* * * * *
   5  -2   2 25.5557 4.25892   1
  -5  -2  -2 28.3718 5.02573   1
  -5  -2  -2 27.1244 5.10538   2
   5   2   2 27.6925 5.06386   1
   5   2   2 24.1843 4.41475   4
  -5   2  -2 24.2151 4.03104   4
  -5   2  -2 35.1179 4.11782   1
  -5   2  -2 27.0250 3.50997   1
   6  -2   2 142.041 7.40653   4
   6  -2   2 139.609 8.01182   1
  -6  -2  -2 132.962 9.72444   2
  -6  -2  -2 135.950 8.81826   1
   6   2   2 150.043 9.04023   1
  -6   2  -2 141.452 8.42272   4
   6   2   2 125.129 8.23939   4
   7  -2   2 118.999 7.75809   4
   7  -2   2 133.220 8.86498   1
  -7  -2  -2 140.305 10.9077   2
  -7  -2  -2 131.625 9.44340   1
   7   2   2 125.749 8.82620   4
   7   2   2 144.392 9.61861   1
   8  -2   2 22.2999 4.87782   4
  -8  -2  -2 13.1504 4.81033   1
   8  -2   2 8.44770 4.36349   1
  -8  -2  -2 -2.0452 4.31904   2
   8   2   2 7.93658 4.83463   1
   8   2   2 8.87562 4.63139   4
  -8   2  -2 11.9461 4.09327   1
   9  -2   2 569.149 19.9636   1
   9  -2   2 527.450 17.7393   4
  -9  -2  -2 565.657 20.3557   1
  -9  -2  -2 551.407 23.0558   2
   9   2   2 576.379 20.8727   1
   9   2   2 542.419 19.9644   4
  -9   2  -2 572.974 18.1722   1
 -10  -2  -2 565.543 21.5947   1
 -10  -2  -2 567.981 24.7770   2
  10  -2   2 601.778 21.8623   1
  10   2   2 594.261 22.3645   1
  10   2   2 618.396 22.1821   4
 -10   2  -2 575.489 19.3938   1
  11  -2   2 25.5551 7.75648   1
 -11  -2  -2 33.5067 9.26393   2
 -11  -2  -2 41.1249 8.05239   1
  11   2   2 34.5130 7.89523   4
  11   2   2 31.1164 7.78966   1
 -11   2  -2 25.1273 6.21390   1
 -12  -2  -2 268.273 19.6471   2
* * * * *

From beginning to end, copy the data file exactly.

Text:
   5  -2   2 25.5557 4.25892   1
  -5  -2  -2 28.3718 5.02573   1
  -5  -2  -2 27.1244 5.10538   2
   5   2   2 27.6925 5.06386   1
   5   2   2 24.1843 4.41475   4
  -5   2  -2 24.2151 4.03104   4
  -5   2  -2 35.1179 4.11782   1
  -5   2  -2 27.0250 3.50997   1
   6  -2   2 142.041 7.40653   4
   6  -2   2 139.609 8.01182   1
  -6  -2  -2 132.962 9.72444   2
  -6  -2  -2 135.950 8.81826   1
   6   2   2 150.043 9.04023   1
  -6   2  -2 141.452 8.42272   4
   6   2   2 125.129 8.23939   4
   7  -2   2 118.999 7.75809   4
   7  -2   2 133.220 8.86498   1
  -7  -2  -2 140.305 10.9077   2
  -7  -2  -2 131.625 9.44340   1
   7   2   2 125.749 8.82620   4
   7   2   2 144.392 9.61861   1
   8  -2   2 22.2999 4.87782   4
  -8  -2  -2 13.1504 4.81033   1
   8  -2   2 8.44770 4.36349   1
  -8  -2  -2 -2.0452 4.31904   2
   8   2   2 7.93658 4.83463   1
   8   2   2 8.87562 4.63139   4
  -8   2  -2 11.9461 4.09327   1
   9  -2   2 569.149 19.9636   1
   9  -2   2 527.450 17.7393   4
  -9  -2  -2 565.657 20.3557   1
  -9  -2  -2 551.407 23.0558   2
   9   2   2 576.379 20.8727   1
   9   2   2 542.419 19.9644   4
  -9   2  -2 572.974 18.1722   1
 -10  -2  -2 565.543 21.5947   1
 -10  -2  -2 567.981 24.7770   2
  10  -2   2 601.778 21.8623   1
  10   2   2 594.261 22.3645   1
  10   2   2 618.396 22.1821   4
 -10   2  -2 575.489 19.3938   1
  11  -2   2 25.5551 7.75648   1
 -11  -2  -2 33.5067 9.26393   2
 -11  -2  -2 41.1249 8.05239   1
  11   2   2 34.5130 7.89523   4
  11   2   2 31.1164 7.78966   1
 -11   2  -2 25.1273 6.21390   1
 -12  -2  -2 268.273 19.6471   2